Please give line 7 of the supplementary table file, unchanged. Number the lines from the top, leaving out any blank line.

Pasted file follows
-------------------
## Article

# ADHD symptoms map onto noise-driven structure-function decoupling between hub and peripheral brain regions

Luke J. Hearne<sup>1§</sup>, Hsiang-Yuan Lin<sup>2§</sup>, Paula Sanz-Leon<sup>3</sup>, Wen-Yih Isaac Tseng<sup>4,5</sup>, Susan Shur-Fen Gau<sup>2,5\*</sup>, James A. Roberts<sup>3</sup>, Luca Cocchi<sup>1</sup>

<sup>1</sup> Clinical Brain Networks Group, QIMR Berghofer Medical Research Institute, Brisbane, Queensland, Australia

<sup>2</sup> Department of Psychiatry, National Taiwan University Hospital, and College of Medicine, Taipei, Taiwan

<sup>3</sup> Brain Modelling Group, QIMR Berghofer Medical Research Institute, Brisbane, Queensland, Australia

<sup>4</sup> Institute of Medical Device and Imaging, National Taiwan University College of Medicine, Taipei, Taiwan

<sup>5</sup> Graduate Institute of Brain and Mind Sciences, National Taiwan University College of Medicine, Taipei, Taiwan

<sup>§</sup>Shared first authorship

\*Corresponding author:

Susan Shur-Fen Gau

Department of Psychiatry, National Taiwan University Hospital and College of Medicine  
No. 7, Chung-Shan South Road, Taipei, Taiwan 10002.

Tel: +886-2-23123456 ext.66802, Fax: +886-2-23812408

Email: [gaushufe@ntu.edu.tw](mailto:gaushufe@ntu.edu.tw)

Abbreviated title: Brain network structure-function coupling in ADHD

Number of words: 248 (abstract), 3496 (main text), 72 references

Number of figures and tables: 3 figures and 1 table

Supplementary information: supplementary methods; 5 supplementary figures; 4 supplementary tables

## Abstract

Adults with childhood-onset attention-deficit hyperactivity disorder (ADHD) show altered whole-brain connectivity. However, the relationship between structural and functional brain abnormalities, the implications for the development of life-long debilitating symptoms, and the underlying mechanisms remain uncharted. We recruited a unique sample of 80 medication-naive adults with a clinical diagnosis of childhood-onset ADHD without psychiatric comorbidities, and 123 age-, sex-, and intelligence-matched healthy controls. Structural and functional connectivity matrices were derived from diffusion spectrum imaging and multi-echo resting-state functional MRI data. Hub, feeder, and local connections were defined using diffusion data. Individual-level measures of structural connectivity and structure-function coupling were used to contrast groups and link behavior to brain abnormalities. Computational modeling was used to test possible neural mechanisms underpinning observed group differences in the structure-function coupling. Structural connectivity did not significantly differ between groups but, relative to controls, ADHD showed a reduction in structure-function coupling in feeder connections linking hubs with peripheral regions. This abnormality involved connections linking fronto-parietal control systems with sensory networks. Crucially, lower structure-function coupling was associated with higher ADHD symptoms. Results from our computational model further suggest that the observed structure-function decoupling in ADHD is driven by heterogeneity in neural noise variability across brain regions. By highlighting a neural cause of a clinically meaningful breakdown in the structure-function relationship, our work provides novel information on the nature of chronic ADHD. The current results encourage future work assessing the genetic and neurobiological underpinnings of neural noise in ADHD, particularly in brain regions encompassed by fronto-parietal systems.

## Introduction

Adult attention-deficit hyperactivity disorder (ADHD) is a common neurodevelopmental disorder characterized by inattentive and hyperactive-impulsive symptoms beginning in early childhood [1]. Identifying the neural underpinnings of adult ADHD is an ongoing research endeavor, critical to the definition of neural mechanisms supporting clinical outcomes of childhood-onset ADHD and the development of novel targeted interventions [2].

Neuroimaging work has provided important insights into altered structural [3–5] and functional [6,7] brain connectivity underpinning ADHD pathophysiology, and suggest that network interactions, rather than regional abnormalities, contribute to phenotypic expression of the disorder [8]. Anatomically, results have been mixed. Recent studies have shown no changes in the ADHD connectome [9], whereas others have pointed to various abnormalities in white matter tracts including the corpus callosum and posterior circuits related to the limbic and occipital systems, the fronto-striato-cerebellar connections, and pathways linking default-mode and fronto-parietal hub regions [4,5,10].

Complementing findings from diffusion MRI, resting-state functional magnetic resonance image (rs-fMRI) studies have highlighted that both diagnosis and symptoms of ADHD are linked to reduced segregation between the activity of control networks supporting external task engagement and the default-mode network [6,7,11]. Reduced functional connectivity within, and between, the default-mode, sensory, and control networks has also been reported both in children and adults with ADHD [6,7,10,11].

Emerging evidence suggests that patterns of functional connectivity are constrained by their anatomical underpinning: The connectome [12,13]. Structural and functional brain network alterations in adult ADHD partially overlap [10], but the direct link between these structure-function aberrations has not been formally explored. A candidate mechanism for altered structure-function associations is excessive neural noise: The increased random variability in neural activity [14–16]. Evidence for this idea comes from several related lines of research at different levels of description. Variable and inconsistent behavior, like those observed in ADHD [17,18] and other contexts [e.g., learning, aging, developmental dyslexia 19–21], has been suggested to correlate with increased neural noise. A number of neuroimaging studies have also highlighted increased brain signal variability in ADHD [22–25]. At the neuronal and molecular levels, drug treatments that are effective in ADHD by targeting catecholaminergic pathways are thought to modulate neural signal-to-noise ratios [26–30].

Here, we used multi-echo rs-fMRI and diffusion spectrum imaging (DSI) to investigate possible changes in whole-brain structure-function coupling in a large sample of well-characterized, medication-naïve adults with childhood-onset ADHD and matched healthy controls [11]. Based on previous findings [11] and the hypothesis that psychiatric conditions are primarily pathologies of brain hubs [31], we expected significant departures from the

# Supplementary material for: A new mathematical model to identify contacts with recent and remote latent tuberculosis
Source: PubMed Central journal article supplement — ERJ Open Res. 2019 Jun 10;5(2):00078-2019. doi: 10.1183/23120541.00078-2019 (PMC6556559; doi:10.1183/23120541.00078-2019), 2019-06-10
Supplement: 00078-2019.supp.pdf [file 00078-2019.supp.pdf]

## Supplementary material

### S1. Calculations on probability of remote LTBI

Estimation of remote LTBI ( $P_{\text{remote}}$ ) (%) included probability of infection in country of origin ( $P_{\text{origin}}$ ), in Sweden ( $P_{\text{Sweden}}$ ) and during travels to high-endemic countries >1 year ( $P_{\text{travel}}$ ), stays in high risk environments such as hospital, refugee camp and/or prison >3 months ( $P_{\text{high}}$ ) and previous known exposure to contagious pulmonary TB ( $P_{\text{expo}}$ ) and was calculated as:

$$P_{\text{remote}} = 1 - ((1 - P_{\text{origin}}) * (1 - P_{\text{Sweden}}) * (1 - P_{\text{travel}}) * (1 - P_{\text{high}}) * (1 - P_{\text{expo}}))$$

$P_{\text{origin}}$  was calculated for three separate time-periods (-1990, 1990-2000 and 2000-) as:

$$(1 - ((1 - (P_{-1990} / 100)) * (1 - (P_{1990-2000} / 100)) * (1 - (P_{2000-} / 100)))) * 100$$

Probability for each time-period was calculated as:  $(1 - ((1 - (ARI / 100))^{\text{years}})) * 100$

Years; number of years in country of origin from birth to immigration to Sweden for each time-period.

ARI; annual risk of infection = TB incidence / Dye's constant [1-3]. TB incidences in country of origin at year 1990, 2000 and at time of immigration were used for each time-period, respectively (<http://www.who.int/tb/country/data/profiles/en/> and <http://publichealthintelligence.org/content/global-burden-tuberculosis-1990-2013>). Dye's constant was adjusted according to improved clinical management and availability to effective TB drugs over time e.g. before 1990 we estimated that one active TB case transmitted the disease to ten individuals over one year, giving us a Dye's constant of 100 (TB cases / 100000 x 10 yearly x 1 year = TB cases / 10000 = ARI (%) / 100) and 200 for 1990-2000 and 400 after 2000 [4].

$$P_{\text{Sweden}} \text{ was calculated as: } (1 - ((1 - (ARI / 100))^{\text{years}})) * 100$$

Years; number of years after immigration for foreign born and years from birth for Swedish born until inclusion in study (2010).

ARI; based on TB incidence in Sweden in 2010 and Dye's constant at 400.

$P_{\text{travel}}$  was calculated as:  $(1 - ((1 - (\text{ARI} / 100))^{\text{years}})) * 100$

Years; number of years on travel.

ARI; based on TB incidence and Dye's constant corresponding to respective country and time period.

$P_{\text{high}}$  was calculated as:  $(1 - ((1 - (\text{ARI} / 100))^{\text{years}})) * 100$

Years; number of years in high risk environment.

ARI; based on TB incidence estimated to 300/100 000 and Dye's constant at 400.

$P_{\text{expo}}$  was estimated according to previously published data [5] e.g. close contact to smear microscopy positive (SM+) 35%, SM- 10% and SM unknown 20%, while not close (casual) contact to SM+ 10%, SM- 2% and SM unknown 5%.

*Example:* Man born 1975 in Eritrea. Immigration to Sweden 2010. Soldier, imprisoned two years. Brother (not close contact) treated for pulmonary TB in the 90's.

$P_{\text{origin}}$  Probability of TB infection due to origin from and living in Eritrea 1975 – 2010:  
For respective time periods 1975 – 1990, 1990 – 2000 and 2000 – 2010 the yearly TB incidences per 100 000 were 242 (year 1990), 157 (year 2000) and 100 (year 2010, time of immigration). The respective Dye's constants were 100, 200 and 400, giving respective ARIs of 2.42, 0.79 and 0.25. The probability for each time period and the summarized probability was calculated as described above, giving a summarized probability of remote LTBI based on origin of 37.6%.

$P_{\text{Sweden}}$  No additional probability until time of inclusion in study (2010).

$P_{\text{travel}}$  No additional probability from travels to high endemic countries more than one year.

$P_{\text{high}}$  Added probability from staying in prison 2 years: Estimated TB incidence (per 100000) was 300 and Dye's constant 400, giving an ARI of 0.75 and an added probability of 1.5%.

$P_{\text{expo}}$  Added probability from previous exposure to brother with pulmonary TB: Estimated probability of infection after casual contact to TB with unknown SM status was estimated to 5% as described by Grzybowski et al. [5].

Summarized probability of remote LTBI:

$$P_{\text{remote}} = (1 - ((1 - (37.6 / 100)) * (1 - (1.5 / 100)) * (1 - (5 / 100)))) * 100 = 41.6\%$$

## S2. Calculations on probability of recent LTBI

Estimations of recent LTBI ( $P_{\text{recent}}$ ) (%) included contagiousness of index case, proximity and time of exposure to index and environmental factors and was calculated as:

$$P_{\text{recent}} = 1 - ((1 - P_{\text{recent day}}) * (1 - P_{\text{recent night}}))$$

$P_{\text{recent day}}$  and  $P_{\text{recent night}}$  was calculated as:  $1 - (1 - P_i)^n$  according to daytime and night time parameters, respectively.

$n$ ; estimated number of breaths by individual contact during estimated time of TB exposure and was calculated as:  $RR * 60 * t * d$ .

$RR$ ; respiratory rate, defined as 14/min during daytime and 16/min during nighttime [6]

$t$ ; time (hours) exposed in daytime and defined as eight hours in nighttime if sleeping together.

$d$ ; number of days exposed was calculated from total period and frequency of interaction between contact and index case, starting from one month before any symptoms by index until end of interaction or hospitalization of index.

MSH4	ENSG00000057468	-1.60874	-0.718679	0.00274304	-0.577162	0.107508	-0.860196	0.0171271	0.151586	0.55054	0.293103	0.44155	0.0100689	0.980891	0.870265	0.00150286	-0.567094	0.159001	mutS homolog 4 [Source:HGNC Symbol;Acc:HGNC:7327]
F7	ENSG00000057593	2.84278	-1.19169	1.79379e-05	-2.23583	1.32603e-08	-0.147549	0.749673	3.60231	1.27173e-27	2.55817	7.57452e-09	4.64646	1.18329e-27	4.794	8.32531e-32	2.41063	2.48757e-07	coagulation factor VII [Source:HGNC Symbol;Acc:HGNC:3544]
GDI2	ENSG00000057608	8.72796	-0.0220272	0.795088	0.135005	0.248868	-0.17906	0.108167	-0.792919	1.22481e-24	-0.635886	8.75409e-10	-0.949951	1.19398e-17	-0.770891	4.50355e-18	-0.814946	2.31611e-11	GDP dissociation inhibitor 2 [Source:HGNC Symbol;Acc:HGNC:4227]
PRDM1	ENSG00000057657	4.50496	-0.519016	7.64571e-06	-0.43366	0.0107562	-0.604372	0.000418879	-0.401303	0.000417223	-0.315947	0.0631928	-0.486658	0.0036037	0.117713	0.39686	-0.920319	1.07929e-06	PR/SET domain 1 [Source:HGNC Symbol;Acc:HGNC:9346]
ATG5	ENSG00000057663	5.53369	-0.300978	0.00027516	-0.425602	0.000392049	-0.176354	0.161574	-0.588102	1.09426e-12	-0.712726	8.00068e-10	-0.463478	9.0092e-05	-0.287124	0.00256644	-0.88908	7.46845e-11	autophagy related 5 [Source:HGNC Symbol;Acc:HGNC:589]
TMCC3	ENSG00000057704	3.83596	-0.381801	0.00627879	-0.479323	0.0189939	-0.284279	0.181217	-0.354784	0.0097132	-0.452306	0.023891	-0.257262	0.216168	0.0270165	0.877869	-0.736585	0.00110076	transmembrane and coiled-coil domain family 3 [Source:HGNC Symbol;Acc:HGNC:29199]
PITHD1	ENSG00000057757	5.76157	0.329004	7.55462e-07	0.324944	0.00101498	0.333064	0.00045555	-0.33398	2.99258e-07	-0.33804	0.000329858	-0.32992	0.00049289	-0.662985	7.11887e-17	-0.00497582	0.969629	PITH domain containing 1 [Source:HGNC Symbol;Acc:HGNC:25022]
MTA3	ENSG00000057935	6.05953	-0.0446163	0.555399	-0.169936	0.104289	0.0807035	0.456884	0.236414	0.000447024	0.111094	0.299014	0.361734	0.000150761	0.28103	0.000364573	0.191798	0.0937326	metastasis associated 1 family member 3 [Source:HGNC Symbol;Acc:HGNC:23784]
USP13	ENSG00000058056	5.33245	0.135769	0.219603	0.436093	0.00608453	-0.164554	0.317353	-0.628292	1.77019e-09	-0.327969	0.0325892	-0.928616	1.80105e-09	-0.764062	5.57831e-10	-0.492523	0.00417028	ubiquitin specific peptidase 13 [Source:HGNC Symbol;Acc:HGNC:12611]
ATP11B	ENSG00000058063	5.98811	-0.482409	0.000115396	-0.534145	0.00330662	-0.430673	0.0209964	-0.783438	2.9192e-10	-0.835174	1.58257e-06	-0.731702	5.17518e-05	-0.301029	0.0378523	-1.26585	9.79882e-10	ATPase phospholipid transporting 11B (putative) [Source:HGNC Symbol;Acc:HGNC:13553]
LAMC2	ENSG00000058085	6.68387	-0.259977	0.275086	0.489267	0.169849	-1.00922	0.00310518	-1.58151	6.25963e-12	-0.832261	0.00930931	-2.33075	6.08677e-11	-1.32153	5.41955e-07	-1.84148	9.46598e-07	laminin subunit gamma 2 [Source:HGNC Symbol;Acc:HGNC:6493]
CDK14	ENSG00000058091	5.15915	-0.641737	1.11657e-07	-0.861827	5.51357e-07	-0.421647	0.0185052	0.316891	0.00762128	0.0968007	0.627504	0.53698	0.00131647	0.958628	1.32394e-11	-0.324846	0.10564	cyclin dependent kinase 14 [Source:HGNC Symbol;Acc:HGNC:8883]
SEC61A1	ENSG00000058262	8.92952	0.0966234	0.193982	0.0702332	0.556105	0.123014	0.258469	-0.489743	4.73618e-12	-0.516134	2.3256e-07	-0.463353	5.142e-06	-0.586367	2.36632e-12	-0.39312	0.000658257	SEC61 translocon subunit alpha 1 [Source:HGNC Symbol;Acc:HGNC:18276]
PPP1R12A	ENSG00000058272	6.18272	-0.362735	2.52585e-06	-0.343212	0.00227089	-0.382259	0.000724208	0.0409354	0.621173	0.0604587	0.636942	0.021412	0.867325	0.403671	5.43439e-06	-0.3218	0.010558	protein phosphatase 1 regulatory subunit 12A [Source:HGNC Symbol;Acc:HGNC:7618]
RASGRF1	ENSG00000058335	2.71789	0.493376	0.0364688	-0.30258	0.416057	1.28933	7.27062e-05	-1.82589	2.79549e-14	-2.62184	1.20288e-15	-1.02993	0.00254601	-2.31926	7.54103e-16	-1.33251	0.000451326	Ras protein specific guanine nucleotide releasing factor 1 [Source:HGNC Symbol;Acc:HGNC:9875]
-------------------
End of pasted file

<sup>4</sup> Institute of Medical Device and Imaging, National Taiwan University College of Medicine, Taipei, Taiwan